Turning Entrepreneurship Into a Team Venture: Kirsten Moorefield and Cloverleaf
The next big idea can come from anywhere, and with regional tech hubs connecting and forming a national community, a transformational idea may spring from the Ohio River Valley as likely as it will from Silicon Valley.
Our first Fuse50 conference reinforced that belief. The event, produced with Cintrifuse, did more than celebrate the #StartupCincy tech community. It showcased Cincinnati as a tech hub ready to influence the national tech ecosystem.
Few things demonstrated that better than the lessons we took away from the tech experts at Fuse50. The cross-section of local leaders and national influencers showed that Cincinnati has plenty of expertise to contribute, especially when it comes to getting startups and big companies working together.
“There are more than 150 large companies in the Cincinnati ecosystem, so I knew we could be a large tech-centric economy,” said Wendy Lea, CEO of Cintrifuse. “We need to be prouder that we’re in the middle of the Midwest.”
As Lea and other tech experts pointed out on our “How Startups & BigCos Can (and Should) Collaborate” panel, the Midwest has resources, values, and a work ethic coveted by companies and investors on the coasts.
Every tech hub must realize and own what’s unique about its city and region. Doing so gives each tech hub a strong foundation for presenting itself to talent, investors, and customers. Participating in a tech census is a great place to start.
“42% of college grads want to work for startups, while only 14% percent want to work for big businesses,” said Dr. Philecia Avery, founder and principal of PhileciaDayle LLC, in her afternoon rapid-fire, “The Rx for a Healthy Startup.”
Two things stand out from hearing Dr. Avery. First, many talented workers crave the opportunity to do something meaningful, and they see startups as their place to do it. We have to build better avenues to help companies and talent can find each other.
Second, startups must prioritize culture. As Dr. Avery said, culture is what holds companies together through the inevitable ebb and flow that comes with creating growth. It also plays a critical part in how teams realize their power. For startups to reap these benefits, they need to ask how everything from hiring to creating partnerships affects the culture they want to build.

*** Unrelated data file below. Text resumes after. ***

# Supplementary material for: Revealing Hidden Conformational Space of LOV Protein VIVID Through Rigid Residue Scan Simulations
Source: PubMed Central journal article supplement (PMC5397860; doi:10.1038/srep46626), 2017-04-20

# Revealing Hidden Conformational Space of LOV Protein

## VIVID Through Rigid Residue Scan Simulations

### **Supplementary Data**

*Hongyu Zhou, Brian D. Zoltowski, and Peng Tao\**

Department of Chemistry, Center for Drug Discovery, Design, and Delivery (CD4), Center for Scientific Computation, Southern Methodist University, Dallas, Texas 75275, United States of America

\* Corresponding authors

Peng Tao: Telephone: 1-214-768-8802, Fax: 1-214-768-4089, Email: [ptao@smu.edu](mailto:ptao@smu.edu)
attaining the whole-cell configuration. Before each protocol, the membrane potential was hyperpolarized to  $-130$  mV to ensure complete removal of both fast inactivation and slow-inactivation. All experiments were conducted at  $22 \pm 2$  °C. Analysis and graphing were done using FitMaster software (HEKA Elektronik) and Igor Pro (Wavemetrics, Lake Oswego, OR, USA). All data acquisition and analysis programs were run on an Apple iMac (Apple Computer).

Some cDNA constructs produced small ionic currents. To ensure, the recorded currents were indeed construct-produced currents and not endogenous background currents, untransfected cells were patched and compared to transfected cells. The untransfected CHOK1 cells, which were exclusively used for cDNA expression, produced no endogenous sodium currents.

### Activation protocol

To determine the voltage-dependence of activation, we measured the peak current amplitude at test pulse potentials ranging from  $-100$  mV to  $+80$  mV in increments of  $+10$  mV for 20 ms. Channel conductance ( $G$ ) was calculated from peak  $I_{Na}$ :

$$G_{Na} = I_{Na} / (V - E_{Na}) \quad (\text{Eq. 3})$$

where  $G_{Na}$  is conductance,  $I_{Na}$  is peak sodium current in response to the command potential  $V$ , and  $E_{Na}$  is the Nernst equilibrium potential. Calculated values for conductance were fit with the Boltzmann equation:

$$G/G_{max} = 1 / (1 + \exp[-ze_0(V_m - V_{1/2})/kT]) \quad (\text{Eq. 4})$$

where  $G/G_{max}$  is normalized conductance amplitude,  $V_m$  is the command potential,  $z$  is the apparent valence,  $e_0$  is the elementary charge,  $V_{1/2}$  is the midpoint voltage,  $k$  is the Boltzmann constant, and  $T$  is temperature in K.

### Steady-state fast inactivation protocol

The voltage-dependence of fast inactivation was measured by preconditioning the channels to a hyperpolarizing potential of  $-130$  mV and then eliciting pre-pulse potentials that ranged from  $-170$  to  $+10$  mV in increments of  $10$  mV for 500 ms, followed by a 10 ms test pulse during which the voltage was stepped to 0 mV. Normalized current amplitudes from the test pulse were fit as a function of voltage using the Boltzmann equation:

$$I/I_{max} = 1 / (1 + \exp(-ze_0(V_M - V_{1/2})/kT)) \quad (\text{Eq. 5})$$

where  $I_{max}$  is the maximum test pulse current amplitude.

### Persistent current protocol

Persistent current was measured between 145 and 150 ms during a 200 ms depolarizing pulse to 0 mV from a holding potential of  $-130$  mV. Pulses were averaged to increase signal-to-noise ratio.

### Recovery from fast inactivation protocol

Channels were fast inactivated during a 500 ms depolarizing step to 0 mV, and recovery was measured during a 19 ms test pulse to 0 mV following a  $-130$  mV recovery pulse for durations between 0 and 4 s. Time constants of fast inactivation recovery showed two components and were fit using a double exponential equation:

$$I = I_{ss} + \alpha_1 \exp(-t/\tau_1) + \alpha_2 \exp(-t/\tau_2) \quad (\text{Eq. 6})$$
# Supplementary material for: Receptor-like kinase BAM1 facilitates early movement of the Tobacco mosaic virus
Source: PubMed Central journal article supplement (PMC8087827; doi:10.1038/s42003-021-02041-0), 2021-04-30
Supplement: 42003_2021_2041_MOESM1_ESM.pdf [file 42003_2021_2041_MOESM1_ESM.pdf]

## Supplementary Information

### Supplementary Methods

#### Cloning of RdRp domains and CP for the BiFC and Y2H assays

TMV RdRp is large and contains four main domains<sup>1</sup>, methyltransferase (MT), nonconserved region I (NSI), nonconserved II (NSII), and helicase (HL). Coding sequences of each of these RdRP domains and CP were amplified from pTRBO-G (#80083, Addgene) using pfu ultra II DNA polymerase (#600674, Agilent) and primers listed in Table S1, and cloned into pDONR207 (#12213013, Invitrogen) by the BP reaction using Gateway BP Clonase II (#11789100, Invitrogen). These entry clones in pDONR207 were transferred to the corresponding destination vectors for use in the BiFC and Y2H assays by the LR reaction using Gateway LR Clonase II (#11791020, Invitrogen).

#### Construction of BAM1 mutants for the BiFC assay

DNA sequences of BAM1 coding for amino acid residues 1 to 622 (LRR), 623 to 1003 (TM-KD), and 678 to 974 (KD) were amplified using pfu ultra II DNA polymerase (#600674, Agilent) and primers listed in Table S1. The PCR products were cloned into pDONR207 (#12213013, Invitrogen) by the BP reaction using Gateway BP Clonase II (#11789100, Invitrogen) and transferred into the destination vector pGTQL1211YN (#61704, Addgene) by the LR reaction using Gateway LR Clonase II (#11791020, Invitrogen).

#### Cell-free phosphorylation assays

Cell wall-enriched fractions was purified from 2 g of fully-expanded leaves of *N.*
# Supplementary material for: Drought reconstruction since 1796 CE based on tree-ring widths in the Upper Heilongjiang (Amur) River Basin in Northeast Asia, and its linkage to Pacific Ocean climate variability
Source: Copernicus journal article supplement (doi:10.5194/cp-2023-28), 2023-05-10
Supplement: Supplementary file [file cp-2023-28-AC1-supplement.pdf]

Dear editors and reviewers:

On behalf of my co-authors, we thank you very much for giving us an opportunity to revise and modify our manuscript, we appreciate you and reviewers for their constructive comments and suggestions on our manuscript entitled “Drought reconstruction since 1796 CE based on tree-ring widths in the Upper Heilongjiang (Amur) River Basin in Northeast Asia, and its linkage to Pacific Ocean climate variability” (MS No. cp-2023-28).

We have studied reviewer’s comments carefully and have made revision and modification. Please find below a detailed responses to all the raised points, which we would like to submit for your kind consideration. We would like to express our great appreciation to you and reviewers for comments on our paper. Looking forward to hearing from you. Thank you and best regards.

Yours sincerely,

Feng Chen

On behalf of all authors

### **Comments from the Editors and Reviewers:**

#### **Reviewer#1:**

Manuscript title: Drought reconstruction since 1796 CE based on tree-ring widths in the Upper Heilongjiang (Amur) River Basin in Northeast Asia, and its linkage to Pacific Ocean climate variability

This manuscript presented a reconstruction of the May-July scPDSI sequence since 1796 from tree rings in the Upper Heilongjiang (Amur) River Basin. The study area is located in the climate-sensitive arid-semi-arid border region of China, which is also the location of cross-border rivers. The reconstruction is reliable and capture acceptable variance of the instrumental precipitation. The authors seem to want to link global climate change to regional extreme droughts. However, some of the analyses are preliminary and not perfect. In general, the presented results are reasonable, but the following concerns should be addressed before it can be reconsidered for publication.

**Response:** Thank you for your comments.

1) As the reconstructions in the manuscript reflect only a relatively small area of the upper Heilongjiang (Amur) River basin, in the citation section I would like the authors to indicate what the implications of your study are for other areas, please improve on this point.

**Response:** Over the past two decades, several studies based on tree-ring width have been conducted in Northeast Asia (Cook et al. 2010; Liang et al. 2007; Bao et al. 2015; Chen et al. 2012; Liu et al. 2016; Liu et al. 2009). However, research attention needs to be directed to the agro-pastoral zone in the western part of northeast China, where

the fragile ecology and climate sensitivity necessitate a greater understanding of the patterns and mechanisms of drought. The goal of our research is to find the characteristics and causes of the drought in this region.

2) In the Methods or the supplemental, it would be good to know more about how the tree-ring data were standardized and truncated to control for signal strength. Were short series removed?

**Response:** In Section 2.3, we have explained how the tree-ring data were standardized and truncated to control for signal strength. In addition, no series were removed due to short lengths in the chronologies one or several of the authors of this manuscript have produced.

“Who you’re serving now isn’t necessarily who you’re going to be serving 12 to 18 months from now,” said Chris Belli, vice president of Studio Science. “Think about that from the start when creating a brand.”
There was full agreement on the “Building Brand Awareness from the Heartland” panel about this. Integrating a brand strategy from the beginning benefits startups in many ways, starting with humanizing them to investors and customers.
Thoughtful branding, after all, is more than colors and logo. It’s often the starting point for building relationships with the people startups need to be successful.
“If you’re not always in fundraising mode, you’re not going to succeed. That’s your job as CEO,” said Rahul Bawa, chair of The Hamilton Mill incubator and Pipeline H20 accelerator.
The voices on our “Insights from Investors on How to Raise Capital” panel had no shortage of things to say about how founders need to raise capital, especially in a time when founders are getting better access to investors outside of their immediate networks. They also had plenty to say about how entrepreneurs present themselves to investors.
“The CEO has to be in the meeting with venture capitalists, but they don’t have to fit the stereotype. You just have to be able to to get investors, get customers, and get employees,” said Victor Gutwein, managing director of M25.
Gutwein played off an observation by Heather Hartnett, CEO of Human Ventures, that self-awareness is critical for startup founders. When founders discover and own their “superpower,” as Hartnett put it, they know who they need alongside them to succeed.